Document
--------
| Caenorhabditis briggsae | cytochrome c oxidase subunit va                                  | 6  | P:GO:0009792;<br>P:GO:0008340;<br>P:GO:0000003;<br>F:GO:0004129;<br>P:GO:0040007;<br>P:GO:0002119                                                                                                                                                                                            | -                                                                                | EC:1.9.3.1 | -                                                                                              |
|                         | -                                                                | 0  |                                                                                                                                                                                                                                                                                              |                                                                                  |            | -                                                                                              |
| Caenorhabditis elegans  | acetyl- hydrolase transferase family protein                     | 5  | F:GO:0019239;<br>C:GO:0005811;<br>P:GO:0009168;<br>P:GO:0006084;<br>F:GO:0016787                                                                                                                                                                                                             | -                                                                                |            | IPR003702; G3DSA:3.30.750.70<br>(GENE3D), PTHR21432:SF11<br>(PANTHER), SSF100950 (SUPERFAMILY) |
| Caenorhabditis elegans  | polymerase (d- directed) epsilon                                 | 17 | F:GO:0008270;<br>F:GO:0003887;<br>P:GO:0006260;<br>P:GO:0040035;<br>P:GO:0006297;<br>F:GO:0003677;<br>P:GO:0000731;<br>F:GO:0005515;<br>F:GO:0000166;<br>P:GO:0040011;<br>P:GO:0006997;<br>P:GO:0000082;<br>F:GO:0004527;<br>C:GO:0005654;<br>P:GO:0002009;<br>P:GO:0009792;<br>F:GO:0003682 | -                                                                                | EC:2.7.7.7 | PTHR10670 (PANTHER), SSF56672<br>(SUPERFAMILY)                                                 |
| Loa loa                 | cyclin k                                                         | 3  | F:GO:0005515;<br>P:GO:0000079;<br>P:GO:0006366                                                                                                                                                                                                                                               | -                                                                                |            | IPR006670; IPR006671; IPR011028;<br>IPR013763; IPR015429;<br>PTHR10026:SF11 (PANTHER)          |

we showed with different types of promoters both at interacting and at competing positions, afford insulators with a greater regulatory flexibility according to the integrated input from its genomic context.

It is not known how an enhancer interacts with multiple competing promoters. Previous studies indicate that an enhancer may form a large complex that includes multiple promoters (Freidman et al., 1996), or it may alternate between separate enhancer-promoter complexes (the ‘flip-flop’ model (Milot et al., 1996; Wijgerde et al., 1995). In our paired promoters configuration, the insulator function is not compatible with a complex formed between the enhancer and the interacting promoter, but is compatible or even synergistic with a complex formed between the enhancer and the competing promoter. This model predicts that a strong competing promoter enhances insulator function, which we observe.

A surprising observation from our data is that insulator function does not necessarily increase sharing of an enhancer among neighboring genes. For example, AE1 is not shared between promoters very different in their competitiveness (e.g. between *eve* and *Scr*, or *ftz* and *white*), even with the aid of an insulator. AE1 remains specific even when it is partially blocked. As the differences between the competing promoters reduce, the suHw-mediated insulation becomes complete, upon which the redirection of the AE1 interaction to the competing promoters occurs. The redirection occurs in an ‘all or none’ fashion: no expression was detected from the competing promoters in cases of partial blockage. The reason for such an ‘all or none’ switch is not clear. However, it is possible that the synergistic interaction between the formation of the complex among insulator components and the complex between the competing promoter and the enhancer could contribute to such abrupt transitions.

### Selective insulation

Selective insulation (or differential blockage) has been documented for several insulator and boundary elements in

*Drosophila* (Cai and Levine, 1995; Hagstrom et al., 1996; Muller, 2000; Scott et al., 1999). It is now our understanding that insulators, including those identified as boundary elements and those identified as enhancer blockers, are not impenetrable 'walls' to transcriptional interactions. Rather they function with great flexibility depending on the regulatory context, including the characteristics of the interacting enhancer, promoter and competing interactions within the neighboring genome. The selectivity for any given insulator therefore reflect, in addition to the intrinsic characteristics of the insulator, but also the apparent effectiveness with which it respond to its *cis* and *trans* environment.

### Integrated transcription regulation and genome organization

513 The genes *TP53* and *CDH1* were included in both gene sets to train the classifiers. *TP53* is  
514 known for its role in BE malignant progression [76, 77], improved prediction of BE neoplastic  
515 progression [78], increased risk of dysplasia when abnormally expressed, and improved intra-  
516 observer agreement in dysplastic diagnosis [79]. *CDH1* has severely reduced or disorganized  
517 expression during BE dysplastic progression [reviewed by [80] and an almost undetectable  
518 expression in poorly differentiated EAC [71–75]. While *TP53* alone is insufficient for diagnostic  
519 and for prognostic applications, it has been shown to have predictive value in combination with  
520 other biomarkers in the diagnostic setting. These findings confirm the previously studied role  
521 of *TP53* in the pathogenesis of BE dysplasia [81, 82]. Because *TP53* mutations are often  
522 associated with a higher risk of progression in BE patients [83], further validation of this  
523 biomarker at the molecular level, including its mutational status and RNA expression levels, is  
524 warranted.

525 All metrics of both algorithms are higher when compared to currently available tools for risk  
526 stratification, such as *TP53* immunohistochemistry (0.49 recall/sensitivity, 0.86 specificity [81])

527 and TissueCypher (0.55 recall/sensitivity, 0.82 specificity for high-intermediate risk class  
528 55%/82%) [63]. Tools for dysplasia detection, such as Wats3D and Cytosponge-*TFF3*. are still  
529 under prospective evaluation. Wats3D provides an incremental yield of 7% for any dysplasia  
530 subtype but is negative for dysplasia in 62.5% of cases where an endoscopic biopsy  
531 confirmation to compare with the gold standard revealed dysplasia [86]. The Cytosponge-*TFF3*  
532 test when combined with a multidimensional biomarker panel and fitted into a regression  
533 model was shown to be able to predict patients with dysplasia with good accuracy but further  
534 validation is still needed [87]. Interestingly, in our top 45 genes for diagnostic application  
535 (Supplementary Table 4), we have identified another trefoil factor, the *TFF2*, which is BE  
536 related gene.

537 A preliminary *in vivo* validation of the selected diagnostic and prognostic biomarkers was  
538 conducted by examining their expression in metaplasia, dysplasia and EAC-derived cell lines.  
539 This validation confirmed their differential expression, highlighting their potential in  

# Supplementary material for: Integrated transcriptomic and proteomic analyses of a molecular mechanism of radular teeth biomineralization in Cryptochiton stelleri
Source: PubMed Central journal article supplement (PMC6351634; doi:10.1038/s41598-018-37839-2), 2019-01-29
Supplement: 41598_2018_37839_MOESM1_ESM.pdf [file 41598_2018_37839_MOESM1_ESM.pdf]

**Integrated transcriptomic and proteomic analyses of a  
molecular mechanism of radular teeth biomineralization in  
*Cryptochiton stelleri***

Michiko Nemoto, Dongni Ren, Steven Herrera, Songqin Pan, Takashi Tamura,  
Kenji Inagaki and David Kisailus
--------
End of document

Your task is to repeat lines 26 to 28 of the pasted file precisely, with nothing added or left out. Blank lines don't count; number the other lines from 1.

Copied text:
526 stratification, such as *TP53* immunohistochemistry (0.49 recall/sensitivity, 0.86 specificity [81])

527 and TissueCypher (0.55 recall/sensitivity, 0.82 specificity for high-intermediate risk class  
528 55%/82%) [63]. Tools for dysplasia detection, such as Wats3D and Cytosponge-*TFF3*. are still  